But regardless of whether it's SDS or non-SDS, the structure's EGC lands on the SE ground bar. From a non-source fault standpoint, all the GEC and GES issues are taken care of at the same point and to the same degree as they would be normally.

    Now...if we're talking switching BOTH the Neutral AND the EGC...that's different. But that isn't necessary for a portable (and I'm not quite sure at what point it's necessary for bigger systems). We have a structure, usually with an elaborate code compliant GEC, and GES ready to drain off violent current imposed on a structure. And instead of letting all that get drained off normally, we shunt it over to a milk carton sized generator possibly 50 feet away (with resistance through the roof), and then back along a 250.66 sized conductor. Why? A 100 foot round trip for a high voltage high frequency pulse that could be purged normally? Why?

  3. #13
    Join Date
    Feb 2003
    Location
    Illinois
    Posts
    23,762
    Generator or other SDS source requires a grounding electrode. The fact that it is a portable generator does not change this. The rule in 250.34 does not apply where the loads are not directly supplied by cords connected to receptacles on the generator.
    Don, Illinois
    (All code citations are 2017 unless otherwise noted)

  4. #14
    Join Date
    Dec 2011
    Location
    Ocala, Florida, USA
    Posts
    2,760
    Quote Originally Posted by JPinVA View Post
    Portable generators have two bonding methods. Bonded (neutral/ground bonded in generator) and Floating (neutral/ground NOT bonded in the generator). In the former, the neutral must be switched in the TS (resulting in the generator being a SDS). In the latter, the neutral is not switched at the TS (resulting in the generator being a non-SDS).

    But regardless of whether it's SDS or non-SDS, the structure's EGC lands on the SE ground bar. From a non-source fault standpoint, all the GEC and GES issues are taken care of at the same point and to the same degree as they would be normally.

    Now...if we're talking switching BOTH the Neutral AND the EGC...that's different. But that isn't necessary for a portable (and I'm not quite sure at what point it's necessary for bigger systems). We have a structure, usually with an elaborate code compliant GEC, and GES ready to drain off violent current imposed on a structure. And instead of letting all that get drained off normally, we shunt it over to a milk carton sized generator possibly 50 feet away (with resistance through the roof), and then back along a 250.66 sized conductor. Why? A 100 foot round trip for a high voltage high frequency pulse that could be purged normally? Why?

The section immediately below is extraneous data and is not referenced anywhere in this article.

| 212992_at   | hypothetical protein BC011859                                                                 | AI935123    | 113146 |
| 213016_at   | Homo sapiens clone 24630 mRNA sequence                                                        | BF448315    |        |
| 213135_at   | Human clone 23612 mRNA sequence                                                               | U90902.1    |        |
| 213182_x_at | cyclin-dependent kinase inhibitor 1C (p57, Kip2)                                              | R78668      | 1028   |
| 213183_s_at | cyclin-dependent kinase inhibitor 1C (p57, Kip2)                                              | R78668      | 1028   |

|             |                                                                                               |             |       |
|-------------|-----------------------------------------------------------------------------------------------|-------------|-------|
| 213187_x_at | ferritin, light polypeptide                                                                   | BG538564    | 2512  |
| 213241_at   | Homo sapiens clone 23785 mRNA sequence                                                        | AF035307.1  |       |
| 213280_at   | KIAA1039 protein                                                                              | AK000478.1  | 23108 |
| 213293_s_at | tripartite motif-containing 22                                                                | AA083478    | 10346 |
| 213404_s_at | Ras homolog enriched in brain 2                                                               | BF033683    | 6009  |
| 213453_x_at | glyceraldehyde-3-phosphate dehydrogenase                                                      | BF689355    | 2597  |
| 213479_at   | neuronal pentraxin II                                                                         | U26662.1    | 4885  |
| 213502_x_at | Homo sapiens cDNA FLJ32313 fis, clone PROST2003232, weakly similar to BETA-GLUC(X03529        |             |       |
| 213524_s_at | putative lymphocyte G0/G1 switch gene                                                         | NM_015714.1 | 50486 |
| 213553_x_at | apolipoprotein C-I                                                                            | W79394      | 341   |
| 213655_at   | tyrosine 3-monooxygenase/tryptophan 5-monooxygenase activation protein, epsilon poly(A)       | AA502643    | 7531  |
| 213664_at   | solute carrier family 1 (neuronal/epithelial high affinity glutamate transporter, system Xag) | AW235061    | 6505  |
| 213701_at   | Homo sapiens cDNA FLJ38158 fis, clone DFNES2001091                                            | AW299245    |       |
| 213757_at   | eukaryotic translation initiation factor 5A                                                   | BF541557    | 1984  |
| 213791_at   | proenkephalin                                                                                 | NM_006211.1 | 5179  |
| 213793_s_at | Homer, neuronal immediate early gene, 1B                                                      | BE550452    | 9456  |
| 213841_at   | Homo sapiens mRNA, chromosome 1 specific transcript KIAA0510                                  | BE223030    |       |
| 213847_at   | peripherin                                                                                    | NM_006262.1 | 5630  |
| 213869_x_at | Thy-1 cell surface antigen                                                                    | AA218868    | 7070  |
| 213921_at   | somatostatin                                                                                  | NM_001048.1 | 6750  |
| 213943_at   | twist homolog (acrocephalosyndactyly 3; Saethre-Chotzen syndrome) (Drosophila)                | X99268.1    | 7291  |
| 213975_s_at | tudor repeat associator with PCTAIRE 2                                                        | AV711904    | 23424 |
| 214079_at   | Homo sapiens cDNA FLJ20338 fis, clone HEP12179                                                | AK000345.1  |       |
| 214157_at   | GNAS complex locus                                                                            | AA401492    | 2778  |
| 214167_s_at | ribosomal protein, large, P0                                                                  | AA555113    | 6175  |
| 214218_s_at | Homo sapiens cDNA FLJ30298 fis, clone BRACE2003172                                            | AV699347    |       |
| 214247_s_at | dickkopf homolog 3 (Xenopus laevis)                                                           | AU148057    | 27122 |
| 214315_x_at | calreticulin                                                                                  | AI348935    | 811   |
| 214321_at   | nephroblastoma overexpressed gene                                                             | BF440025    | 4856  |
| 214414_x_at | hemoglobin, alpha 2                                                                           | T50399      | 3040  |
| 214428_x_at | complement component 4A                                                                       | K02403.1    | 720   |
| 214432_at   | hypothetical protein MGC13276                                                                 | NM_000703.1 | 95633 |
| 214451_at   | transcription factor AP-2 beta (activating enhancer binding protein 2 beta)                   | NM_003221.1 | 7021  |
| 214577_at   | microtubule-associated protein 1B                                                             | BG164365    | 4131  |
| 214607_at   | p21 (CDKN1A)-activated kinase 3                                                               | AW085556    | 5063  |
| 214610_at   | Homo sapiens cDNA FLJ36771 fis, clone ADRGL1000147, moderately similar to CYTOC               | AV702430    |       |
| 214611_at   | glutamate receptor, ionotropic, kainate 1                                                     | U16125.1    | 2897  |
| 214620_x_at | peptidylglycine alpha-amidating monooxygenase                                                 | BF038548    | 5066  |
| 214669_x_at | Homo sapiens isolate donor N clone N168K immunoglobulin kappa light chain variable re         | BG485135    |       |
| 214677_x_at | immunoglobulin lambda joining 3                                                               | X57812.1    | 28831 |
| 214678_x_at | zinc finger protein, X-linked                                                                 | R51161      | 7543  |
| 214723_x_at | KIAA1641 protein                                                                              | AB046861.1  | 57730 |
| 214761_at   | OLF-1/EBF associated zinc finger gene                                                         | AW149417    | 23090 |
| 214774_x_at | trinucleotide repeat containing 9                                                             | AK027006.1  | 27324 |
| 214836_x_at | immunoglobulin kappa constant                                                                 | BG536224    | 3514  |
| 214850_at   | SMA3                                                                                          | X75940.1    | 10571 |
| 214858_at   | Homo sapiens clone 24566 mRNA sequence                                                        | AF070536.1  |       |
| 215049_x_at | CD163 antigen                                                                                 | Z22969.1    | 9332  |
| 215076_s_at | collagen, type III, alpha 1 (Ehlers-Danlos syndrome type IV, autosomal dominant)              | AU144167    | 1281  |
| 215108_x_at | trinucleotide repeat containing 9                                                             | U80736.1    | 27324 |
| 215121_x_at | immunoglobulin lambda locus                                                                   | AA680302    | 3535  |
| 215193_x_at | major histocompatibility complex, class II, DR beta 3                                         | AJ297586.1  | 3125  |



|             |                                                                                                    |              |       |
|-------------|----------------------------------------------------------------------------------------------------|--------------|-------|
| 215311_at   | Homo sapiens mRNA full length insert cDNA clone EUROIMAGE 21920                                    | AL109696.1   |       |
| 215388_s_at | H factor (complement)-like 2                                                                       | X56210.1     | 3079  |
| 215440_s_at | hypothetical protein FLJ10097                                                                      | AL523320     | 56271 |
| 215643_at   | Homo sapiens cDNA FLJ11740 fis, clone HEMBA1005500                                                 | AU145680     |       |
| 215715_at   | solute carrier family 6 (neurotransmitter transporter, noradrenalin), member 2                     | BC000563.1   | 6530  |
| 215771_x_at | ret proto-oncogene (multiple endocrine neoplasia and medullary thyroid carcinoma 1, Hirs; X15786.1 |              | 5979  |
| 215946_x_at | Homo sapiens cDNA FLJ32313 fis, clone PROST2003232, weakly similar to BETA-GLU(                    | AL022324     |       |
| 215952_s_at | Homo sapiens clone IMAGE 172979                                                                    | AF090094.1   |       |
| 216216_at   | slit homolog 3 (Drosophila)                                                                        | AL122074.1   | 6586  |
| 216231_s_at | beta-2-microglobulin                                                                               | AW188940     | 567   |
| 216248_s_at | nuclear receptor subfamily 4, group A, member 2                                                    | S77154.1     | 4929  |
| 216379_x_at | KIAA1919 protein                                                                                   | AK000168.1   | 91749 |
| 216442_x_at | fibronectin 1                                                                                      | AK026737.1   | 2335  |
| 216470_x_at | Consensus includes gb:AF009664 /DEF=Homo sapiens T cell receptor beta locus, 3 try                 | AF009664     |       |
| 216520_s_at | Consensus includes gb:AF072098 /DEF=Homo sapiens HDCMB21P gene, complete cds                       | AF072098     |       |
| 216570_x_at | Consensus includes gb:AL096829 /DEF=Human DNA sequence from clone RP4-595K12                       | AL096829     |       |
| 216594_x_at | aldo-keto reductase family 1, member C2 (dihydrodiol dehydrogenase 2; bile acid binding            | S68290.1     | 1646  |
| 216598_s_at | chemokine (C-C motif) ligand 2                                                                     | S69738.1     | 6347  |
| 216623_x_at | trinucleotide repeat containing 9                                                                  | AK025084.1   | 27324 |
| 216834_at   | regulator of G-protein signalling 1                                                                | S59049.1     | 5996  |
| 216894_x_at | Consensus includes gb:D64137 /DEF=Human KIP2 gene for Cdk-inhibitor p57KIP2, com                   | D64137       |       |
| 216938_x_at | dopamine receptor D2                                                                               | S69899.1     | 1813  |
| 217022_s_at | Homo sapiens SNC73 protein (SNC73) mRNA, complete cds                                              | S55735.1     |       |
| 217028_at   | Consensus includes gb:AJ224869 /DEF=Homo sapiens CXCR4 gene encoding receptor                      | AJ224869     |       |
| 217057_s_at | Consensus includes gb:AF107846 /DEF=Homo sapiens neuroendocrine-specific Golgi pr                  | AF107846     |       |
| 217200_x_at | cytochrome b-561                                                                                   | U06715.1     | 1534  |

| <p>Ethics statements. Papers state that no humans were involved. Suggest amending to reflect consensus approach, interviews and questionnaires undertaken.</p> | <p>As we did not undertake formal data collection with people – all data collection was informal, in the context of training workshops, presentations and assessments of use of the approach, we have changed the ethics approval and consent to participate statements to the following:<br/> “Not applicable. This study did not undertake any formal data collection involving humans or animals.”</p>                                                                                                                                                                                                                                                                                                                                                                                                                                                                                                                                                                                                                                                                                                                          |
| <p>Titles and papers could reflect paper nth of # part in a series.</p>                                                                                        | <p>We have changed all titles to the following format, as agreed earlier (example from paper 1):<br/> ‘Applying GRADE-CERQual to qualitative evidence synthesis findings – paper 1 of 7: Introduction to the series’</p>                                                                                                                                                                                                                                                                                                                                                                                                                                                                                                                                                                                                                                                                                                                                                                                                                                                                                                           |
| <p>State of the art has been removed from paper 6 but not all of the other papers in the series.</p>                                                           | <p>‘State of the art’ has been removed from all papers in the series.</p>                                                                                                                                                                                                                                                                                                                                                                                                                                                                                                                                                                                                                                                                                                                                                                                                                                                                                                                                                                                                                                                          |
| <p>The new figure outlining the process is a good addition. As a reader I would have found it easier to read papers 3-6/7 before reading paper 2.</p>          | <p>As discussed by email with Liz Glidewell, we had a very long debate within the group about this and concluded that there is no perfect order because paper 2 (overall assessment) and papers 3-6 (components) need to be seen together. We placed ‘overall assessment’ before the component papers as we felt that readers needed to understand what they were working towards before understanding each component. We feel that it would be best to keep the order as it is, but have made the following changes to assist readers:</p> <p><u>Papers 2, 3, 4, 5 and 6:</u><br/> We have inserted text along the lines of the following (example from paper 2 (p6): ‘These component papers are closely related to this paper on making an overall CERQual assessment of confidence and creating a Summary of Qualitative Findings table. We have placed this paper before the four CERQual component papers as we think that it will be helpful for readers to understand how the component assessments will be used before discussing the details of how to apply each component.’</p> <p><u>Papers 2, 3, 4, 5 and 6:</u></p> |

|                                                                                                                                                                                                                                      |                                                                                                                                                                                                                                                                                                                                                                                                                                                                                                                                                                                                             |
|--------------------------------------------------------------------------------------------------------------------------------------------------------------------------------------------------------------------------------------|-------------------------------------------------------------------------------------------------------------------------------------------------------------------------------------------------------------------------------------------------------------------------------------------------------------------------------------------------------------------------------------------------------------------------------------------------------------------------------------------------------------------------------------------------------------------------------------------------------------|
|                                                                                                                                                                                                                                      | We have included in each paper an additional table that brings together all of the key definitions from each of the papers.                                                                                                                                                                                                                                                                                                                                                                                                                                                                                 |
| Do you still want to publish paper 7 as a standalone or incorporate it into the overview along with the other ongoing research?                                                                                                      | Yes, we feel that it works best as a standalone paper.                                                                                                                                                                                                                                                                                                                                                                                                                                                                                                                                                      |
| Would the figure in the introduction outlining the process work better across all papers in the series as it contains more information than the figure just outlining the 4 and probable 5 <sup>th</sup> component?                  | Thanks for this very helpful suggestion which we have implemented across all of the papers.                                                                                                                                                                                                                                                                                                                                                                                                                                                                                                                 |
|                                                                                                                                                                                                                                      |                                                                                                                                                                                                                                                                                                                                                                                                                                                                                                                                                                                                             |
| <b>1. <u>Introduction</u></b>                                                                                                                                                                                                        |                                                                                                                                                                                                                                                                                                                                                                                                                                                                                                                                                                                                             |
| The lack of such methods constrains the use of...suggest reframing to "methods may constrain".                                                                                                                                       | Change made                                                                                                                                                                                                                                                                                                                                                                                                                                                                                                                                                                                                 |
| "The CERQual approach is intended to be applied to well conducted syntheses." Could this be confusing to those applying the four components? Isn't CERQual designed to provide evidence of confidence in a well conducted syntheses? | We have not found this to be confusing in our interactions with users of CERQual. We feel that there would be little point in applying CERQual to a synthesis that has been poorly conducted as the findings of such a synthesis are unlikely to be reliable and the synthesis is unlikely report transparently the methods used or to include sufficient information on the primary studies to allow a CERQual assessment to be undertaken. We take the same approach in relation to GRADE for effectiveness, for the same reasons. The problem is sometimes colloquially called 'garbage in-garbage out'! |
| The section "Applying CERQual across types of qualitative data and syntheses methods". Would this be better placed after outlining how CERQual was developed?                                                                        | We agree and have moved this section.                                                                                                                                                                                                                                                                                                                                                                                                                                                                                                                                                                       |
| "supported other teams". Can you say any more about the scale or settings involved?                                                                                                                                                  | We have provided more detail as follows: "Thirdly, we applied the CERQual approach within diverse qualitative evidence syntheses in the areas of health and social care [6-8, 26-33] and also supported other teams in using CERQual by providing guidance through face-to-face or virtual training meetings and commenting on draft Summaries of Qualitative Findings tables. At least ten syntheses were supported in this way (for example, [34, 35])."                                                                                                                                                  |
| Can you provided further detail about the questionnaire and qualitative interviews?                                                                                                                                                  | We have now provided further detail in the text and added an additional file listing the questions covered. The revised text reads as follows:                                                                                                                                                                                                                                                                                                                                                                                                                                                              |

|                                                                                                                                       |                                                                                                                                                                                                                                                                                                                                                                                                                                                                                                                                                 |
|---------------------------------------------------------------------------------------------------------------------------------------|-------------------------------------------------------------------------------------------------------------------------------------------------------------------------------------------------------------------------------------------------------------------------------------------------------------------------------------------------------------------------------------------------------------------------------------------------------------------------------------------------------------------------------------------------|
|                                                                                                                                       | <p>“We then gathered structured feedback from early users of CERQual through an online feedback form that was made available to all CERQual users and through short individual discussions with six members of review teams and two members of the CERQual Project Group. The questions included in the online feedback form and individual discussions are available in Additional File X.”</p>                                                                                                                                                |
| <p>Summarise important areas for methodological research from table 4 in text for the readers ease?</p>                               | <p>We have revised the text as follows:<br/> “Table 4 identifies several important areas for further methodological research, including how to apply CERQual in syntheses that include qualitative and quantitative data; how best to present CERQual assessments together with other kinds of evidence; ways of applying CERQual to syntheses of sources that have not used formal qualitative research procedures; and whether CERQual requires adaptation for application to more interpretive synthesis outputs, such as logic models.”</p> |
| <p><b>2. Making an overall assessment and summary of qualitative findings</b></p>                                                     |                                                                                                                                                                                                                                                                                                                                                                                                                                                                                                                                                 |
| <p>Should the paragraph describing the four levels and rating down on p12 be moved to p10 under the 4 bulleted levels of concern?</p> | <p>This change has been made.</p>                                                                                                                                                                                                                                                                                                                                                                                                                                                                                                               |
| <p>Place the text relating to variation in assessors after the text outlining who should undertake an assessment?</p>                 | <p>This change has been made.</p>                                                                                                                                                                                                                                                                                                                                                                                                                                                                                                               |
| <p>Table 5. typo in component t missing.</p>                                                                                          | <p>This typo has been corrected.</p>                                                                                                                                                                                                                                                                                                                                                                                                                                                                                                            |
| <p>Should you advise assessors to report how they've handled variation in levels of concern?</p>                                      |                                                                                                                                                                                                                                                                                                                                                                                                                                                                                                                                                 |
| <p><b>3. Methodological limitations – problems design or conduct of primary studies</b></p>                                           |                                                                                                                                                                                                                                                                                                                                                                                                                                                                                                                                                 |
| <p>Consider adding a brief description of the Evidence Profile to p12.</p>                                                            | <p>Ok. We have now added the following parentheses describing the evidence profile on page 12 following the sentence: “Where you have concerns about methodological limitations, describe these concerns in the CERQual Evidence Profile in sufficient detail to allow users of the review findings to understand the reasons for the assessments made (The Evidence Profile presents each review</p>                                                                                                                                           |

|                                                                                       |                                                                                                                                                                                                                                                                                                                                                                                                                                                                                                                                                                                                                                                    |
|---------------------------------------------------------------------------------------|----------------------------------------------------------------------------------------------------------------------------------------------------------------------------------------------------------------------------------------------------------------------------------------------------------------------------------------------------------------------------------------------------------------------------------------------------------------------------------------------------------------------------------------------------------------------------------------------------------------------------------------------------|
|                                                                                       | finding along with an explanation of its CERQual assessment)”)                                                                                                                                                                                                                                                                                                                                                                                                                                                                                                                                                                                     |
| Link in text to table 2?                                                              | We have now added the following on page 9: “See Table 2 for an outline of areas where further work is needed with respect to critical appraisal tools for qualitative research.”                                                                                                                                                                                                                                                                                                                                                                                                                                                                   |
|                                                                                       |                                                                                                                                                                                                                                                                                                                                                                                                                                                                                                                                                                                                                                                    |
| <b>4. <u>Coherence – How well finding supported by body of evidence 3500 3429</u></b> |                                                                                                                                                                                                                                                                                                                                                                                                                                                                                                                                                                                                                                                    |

It sounds like you are saying regardless of the Transfer switch position, the ground to neutral bond is the same bonding jumper. That is not true. The Neutral is switched, so EACH neutral has to have its own independent bond to ground. If I misunderstand you, I apologize up front.


    I know what I don't know, and I know where to go to find it!

  5. #15
    Join Date
    Aug 2018
    Location
    Virginia
    Posts
    51
    Quote Originally Posted by Strathead View Post
    It sounds like you are saying regardless of the Transfer switch position, the ground to neutral bond is the same bonding jumper. That is not true. The Neutral is switched, so EACH neutral has to have its own independent bond to ground. If I misunderstand you, I apologize up front.
    I'm only discussing a single phase portable generator. These have a 14-30 receptacle (two phase conductors, one grounded conductor, one EGC) feeding a 14-30 receptacle. This receptacle is connected to a 14-30 power inlet box via a 14-30 cable (10 gauge for 30A). From the inlet box, the four wires go the the transfer switch.

    The TS switches whatever circuits have been chosen. The conductors from the chosen circuits are routed to the TS switch. If it's an SDS, the neutral of those circuits are also routed and switched for each circuit. In the non SDS case, the neutral from the generator is passed through the TS to the SE, and bounded to the SE neutral bar, consummating the non-SDS neutral/ground bond in the SE.